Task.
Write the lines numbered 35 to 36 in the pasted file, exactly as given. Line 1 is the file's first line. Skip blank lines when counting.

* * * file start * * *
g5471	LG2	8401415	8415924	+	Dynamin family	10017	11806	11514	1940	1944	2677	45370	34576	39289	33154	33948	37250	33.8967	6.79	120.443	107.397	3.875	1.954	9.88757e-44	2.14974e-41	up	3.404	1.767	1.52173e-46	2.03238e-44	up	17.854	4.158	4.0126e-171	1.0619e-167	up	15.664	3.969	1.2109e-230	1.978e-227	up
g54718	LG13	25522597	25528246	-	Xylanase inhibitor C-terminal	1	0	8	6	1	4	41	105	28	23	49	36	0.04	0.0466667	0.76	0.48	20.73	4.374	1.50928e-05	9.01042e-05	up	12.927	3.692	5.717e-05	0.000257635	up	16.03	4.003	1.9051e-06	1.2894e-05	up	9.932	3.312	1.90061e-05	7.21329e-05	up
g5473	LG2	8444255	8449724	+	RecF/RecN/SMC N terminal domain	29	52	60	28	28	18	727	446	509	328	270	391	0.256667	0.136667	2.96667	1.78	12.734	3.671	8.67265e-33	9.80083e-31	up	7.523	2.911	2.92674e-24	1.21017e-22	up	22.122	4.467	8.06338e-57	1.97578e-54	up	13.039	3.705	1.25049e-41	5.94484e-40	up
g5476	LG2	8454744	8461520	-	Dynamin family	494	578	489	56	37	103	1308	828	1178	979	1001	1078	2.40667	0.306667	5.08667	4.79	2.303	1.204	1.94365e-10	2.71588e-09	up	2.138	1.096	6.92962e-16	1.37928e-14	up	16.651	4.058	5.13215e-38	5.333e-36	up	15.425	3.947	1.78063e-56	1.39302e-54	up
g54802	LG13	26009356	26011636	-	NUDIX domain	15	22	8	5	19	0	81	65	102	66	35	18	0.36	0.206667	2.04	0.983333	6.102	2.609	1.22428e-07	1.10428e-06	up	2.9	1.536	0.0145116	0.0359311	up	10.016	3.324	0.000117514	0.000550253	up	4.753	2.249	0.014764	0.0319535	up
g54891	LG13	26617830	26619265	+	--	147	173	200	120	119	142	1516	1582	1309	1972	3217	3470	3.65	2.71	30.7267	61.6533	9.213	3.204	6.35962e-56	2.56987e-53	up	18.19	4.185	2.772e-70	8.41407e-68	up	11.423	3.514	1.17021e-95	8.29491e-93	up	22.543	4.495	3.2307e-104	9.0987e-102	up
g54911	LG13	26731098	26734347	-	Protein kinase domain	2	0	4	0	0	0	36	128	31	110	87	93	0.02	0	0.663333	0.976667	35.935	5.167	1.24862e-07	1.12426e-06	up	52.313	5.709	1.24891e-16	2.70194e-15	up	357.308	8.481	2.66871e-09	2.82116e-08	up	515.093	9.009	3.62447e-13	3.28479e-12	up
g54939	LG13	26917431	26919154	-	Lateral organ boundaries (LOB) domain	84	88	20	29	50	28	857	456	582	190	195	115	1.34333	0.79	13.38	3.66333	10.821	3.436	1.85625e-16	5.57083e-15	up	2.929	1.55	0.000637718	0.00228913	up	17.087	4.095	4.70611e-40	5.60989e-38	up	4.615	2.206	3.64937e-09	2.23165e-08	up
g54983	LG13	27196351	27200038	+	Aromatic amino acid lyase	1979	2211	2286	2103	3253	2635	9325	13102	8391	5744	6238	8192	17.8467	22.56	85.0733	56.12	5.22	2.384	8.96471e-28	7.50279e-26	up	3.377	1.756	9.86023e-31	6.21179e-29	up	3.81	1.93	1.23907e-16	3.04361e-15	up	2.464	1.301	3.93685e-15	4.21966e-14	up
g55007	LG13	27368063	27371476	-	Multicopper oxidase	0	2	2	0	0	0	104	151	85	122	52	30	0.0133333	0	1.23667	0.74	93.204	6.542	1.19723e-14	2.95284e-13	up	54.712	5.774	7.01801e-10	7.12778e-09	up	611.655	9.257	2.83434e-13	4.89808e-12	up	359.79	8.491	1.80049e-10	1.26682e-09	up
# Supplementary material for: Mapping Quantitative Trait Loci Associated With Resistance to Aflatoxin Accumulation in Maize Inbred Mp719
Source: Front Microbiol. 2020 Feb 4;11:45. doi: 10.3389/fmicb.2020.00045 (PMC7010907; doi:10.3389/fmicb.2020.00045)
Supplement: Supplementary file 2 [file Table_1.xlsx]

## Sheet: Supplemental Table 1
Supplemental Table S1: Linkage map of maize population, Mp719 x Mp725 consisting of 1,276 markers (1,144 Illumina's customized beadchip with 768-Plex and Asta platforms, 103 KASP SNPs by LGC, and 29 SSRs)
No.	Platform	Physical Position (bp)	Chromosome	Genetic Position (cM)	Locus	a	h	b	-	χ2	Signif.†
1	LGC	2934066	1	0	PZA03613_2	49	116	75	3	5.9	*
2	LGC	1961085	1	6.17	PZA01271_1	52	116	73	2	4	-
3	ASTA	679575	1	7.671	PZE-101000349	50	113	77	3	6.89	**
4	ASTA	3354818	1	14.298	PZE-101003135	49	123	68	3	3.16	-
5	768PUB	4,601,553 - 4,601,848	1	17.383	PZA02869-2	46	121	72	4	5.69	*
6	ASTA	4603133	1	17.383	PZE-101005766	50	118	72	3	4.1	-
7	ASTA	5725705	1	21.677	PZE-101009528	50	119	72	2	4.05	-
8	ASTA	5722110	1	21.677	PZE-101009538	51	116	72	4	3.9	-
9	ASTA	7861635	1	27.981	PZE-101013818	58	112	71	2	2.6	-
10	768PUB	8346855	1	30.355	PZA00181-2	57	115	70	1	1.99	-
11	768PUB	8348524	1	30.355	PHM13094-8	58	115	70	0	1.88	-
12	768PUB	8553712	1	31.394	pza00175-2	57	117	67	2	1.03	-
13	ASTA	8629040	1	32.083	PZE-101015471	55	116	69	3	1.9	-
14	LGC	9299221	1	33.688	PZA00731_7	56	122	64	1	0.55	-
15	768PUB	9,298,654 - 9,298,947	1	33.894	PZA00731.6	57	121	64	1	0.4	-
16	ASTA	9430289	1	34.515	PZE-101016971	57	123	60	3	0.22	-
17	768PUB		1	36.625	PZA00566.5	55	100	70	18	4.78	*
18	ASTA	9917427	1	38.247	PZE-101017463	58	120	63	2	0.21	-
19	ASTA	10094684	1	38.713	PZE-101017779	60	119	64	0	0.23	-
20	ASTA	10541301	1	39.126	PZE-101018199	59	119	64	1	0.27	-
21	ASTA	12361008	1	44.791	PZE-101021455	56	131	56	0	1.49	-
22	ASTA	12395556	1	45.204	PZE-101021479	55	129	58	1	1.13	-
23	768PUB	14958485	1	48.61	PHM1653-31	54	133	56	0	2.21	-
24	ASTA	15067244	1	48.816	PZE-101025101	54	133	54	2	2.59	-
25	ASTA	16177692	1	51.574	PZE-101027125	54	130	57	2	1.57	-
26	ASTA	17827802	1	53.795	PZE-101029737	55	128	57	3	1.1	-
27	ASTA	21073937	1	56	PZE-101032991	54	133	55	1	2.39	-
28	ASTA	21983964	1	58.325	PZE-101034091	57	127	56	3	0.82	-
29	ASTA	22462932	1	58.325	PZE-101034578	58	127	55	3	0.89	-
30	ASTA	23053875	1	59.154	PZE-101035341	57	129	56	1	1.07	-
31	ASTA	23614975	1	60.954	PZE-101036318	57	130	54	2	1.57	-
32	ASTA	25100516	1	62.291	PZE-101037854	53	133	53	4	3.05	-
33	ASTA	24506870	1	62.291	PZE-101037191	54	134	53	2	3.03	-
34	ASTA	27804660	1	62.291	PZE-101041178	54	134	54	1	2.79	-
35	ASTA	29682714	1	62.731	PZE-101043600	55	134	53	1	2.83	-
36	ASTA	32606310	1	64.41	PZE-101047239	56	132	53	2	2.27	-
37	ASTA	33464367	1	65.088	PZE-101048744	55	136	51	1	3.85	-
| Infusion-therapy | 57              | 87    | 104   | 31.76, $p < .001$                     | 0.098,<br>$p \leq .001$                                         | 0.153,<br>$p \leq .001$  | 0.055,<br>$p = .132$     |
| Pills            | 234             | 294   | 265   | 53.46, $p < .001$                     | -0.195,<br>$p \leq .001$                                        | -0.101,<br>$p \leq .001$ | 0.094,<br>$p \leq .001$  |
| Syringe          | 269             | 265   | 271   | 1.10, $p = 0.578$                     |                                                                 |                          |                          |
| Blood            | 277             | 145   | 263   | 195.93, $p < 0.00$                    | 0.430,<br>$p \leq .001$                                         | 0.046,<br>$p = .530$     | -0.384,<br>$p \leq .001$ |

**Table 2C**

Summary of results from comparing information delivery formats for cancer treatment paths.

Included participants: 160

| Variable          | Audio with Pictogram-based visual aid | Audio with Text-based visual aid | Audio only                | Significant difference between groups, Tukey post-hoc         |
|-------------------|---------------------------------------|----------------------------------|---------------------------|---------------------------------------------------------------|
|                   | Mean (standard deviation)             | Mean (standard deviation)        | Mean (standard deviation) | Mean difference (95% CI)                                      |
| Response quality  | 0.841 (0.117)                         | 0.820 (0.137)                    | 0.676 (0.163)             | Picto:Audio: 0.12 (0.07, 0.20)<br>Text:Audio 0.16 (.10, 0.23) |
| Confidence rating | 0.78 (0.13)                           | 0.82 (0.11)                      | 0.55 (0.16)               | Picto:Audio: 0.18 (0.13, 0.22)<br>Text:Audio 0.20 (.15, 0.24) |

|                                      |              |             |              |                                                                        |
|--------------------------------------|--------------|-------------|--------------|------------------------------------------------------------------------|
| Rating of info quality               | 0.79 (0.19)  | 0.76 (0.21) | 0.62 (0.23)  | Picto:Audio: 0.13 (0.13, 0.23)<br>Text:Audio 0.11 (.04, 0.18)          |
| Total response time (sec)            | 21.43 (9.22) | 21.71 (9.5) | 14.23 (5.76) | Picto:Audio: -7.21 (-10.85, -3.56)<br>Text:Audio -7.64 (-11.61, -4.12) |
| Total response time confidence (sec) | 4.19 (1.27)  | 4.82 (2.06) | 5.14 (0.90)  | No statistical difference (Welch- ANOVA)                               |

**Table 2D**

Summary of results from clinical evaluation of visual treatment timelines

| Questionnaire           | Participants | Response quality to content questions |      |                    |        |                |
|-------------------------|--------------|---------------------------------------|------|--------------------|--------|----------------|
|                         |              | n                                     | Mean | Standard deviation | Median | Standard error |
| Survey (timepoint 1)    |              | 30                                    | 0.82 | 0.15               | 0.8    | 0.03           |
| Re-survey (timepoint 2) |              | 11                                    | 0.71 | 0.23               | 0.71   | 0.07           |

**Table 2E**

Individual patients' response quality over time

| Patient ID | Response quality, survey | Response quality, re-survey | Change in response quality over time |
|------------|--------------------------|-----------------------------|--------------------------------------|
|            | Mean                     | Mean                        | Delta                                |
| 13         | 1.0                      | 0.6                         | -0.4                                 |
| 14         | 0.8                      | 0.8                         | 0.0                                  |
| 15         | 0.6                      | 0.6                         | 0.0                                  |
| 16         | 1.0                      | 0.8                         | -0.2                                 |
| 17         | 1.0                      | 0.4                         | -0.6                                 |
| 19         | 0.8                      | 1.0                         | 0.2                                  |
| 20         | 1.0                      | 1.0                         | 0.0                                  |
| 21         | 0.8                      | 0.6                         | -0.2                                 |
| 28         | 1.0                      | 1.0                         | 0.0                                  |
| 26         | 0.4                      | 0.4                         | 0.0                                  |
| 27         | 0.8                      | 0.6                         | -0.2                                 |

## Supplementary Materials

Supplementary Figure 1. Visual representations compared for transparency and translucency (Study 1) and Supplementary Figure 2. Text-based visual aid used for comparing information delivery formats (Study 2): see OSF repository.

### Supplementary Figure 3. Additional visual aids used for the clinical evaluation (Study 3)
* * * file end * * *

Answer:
19	ASTA	10094684	1	38.713	PZE-101017779	60	119	64	0	0.23	-
20	ASTA	10541301	1	39.126	PZE-101018199	59	119	64	1	0.27	-